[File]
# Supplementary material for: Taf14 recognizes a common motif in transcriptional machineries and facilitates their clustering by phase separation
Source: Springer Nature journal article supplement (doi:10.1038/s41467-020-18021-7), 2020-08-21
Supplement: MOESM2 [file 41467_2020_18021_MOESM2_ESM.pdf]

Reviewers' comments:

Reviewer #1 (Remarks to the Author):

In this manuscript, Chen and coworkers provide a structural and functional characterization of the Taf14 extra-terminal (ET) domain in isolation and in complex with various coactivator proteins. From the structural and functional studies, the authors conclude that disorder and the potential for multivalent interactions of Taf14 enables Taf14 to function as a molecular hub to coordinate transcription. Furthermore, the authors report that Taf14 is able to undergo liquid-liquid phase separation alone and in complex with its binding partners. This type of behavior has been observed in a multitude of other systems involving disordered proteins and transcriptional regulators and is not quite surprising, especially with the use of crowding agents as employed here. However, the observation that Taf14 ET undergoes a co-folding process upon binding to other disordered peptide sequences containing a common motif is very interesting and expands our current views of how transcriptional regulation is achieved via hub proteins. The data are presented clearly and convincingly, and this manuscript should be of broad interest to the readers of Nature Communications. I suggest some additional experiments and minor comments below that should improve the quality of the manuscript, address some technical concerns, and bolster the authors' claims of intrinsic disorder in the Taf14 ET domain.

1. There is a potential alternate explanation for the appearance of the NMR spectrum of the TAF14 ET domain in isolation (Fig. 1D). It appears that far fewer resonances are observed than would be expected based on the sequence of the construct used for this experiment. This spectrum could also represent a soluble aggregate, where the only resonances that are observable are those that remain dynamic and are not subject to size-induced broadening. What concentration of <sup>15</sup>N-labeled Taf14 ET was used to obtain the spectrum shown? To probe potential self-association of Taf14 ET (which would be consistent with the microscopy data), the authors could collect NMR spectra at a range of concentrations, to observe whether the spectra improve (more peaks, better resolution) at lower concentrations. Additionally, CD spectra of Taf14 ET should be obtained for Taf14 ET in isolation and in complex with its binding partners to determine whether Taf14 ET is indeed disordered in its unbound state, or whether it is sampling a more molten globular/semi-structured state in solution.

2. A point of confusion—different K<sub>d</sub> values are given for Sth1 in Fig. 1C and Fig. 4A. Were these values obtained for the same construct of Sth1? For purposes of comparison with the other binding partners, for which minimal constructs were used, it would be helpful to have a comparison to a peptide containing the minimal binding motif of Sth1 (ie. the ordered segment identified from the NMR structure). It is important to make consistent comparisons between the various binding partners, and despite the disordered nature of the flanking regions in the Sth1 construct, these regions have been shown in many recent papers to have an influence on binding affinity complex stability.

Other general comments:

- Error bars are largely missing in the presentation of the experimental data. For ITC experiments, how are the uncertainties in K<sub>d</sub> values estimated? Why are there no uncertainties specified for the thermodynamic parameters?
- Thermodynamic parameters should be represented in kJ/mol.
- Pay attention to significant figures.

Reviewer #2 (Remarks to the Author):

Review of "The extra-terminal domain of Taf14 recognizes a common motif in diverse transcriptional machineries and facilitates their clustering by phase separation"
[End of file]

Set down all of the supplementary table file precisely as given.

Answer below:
# Supplementary material for: Taf14 recognizes a common motif in transcriptional machineries and facilitates their clustering by phase separation
Source: Springer Nature journal article supplement (doi:10.1038/s41467-020-18021-7), 2020-08-21
Supplement: MOESM2 [file 41467_2020_18021_MOESM2_ESM.pdf]

Reviewers' comments:

Reviewer #1 (Remarks to the Author):

In this manuscript, Chen and coworkers provide a structural and functional characterization of the Taf14 extra-terminal (ET) domain in isolation and in complex with various coactivator proteins. From the structural and functional studies, the authors conclude that disorder and the potential for multivalent interactions of Taf14 enables Taf14 to function as a molecular hub to coordinate transcription. Furthermore, the authors report that Taf14 is able to undergo liquid-liquid phase separation alone and in complex with its binding partners. This type of behavior has been observed in a multitude of other systems involving disordered proteins and transcriptional regulators and is not quite surprising, especially with the use of crowding agents as employed here. However, the observation that Taf14 ET undergoes a co-folding process upon binding to other disordered peptide sequences containing a common motif is very interesting and expands our current views of how transcriptional regulation is achieved via hub proteins. The data are presented clearly and convincingly, and this manuscript should be of broad interest to the readers of Nature Communications. I suggest some additional experiments and minor comments below that should improve the quality of the manuscript, address some technical concerns, and bolster the authors' claims of intrinsic disorder in the Taf14 ET domain.

1. There is a potential alternate explanation for the appearance of the NMR spectrum of the TAF14 ET domain in isolation (Fig. 1D). It appears that far fewer resonances are observed than would be expected based on the sequence of the construct used for this experiment. This spectrum could also represent a soluble aggregate, where the only resonances that are observable are those that remain dynamic and are not subject to size-induced broadening. What concentration of <sup>15</sup>N-labeled Taf14 ET was used to obtain the spectrum shown? To probe potential self-association of Taf14 ET (which would be consistent with the microscopy data), the authors could collect NMR spectra at a range of concentrations, to observe whether the spectra improve (more peaks, better resolution) at lower concentrations. Additionally, CD spectra of Taf14 ET should be obtained for Taf14 ET in isolation and in complex with its binding partners to determine whether Taf14 ET is indeed disordered in its unbound state, or whether it is sampling a more molten globular/semi-structured state in solution.

2. A point of confusion—different K<sub>d</sub> values are given for Sth1 in Fig. 1C and Fig. 4A. Were these values obtained for the same construct of Sth1? For purposes of comparison with the other binding partners, for which minimal constructs were used, it would be helpful to have a comparison to a peptide containing the minimal binding motif of Sth1 (ie. the ordered segment identified from the NMR structure). It is important to make consistent comparisons between the various binding partners, and despite the disordered nature of the flanking regions in the Sth1 construct, these regions have been shown in many recent papers to have an influence on binding affinity complex stability.

Other general comments:

- Error bars are largely missing in the presentation of the experimental data. For ITC experiments, how are the uncertainties in K<sub>d</sub> values estimated? Why are there no uncertainties specified for the thermodynamic parameters?
- Thermodynamic parameters should be represented in kJ/mol.
- Pay attention to significant figures.

Reviewer #2 (Remarks to the Author):

Review of "The extra-terminal domain of Taf14 recognizes a common motif in diverse transcriptional machineries and facilitates their clustering by phase separation"